What home means to Aunty Jacko

Published on 03 July 2023

Headshot of Judy Jackson, AKA Aunty Jacko.

Judy Jackson – better known as Aunty Jacko – has been a beacon of support and strength in Melbourne’s inner south for more than two decades. In fact, she is often described as the “glue” that binds the Aboriginal community in the City of Port Phillip.

A proud Gunggari woman and Elder, Aunty Jacko’s mob is from southwest Queensland, but she has lived in Melbourne since moving down in 1967 as a 17-year-old.

Since then, Aunty Jacko has largely been based in St Kilda, and from the early 2000s has volunteered tirelessly to support the St Kilda “parkies” to find a safe place to sleep and warm meal to eat. As a volunteer with Inner South Community Health (ISCH), she was instrumental in initiating the Wominjeka community barbecue for homeless people and fortnightly lunches at ISCH’s Our Rainbow Place, where her corned beef and pea and ham soup were always readily consumed.

She has also played a significant role in addressing many health and wellbeing concerns facing local Aboriginal community members. “I do it all because of my passion for the homeless,” she says.

It is all this work that led to Aunty Jacko becoming such a respected Elder in the community.

“It’s not a given [to become an Elder]. It’s what you do that makes you become a prominent Elder who people come to for help. [People in my community] know they can come to me and ask, ‘Where do I go to for help?’.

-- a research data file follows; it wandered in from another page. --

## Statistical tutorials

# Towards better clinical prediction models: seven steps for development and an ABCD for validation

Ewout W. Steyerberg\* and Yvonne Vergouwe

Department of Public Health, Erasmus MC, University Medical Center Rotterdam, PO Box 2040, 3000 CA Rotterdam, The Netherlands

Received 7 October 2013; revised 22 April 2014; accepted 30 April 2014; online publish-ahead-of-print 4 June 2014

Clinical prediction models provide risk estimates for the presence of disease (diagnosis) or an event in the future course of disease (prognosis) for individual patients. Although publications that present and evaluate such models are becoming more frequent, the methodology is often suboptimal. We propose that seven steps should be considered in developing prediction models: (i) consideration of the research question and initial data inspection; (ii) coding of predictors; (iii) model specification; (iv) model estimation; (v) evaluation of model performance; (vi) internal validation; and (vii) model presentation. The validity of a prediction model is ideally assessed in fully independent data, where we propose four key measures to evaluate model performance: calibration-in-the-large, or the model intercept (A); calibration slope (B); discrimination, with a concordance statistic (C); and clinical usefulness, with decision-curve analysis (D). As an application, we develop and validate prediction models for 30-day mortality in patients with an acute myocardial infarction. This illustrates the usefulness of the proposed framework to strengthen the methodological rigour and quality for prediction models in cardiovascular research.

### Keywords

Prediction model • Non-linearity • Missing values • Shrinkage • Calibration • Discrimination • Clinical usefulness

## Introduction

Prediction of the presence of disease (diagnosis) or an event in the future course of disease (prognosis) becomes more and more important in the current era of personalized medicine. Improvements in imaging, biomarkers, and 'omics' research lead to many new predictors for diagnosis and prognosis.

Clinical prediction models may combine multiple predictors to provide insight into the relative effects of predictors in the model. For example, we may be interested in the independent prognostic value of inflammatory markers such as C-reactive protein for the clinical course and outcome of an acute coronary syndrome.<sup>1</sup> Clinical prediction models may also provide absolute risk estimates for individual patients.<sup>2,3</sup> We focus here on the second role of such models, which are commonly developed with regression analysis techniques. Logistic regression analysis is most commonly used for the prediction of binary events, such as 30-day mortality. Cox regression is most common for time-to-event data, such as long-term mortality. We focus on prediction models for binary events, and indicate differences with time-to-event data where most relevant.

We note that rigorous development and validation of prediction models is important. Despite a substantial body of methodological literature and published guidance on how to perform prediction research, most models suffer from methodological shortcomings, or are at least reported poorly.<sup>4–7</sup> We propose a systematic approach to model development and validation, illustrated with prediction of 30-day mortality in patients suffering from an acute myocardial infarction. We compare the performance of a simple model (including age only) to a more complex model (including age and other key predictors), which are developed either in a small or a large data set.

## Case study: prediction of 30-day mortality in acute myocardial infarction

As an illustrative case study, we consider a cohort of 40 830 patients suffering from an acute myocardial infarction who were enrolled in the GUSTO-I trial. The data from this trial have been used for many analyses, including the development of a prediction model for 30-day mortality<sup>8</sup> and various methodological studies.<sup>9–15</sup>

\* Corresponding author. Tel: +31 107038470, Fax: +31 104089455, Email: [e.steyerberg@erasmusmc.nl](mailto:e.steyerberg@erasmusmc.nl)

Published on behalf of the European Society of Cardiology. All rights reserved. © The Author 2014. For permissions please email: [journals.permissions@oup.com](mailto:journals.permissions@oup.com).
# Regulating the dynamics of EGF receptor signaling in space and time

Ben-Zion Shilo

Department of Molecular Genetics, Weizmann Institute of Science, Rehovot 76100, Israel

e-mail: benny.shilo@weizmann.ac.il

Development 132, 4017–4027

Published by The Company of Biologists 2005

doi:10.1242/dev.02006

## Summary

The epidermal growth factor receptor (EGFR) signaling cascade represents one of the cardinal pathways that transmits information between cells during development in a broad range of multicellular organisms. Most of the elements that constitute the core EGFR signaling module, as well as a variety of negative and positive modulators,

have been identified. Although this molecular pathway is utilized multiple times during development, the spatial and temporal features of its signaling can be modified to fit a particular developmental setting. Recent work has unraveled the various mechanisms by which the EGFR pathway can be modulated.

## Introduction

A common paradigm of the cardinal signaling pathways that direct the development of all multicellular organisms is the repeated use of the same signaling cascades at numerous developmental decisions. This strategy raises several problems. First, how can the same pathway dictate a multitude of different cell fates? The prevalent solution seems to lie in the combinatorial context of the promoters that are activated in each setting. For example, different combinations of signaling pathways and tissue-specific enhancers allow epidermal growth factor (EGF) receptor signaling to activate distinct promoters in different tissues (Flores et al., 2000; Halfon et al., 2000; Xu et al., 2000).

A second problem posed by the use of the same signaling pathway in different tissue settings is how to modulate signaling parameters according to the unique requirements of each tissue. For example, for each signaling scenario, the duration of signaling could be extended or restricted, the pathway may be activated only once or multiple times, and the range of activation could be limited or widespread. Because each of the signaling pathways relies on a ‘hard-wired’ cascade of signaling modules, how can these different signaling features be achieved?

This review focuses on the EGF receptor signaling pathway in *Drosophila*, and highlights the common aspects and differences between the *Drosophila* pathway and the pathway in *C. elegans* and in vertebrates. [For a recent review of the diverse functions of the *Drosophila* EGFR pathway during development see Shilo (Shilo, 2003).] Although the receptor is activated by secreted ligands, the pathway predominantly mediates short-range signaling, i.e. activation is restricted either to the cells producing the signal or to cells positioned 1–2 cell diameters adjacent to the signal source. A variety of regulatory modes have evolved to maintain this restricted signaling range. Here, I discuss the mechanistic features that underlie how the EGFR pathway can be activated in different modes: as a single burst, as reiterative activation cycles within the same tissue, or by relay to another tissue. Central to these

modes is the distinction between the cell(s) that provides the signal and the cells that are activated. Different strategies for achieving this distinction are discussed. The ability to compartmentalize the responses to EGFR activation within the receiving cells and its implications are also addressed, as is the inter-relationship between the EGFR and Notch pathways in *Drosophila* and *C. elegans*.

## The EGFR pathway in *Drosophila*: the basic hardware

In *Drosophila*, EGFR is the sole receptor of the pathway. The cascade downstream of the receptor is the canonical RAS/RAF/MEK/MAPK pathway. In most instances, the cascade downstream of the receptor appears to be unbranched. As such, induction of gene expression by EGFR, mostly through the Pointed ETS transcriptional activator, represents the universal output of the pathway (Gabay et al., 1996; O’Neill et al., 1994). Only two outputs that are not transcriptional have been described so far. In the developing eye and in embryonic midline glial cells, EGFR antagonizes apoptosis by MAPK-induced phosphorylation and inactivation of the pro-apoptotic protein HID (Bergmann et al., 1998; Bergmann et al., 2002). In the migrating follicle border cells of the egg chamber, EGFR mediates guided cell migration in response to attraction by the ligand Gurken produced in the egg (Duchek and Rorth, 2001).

“Trust and respect coming both ways are the two most important things if you’re volunteering in the community,” says Aunty Jacko.

As an Elder, she says it’s her role to look after and support community members, while also helping them to look after and support themselves.

This unwavering commitment to her community also saw Aunty Jacko inducted into the Victorian Aboriginal Honour Roll in 2016.

While Aunty Jacko is now wholly embraced by her Melbourne community, she understands the deep connection many Aboriginal people have to the country they come from.

“I go back to Queensland every now and then. Like we say, it’s lovely to go back home and put your feet in the sand of where you were born,” says Aunty Jacko, also joking that she doesn’t go barefoot in the sand as much anymore, as since becoming a “city slicker”, she no longer has a hard foot.

“I used to walk around everywhere without shoes as a child,” she says with a laugh.

Through all her years supporting St Kilda’s homeless communities, Aunty Jacko knows the importance of home, and is passionate herself about continuing to live at home for as long as possible.

“My grandmother lived to 103, and she stayed at home right up until she died,” says Aunty Jacko. “She would be walking around like a little fast walker with her walking stick, she’d speed right past you!

“I’m living by myself, and I try to be as independent as I can. There are lots of things I find difficult, but I try my best. [For example], I do little exercises to keep going. Try and do the best you can for yourself.”

The key to being able to live independently in your later years is having good support. This can come from family, from home care providers and from the wider community. As Aunty Jacko notes, all elderly people are highly regarded in the community, and treated with kindness and compassion by everybody.

“[Elderly people] are all respected, whether you know them or not. The young ones come up and say, ‘Hi Aunt’, even if they don’t know me,” says Aunty Jacko, reiterating that unbounded respect is at the core of her community.

“Respect and trust have to go both ways,” she says.

To find out more about the NAIDOC Week theme for 2023, For Our Elders, please head to the official NAIDOC Week website.

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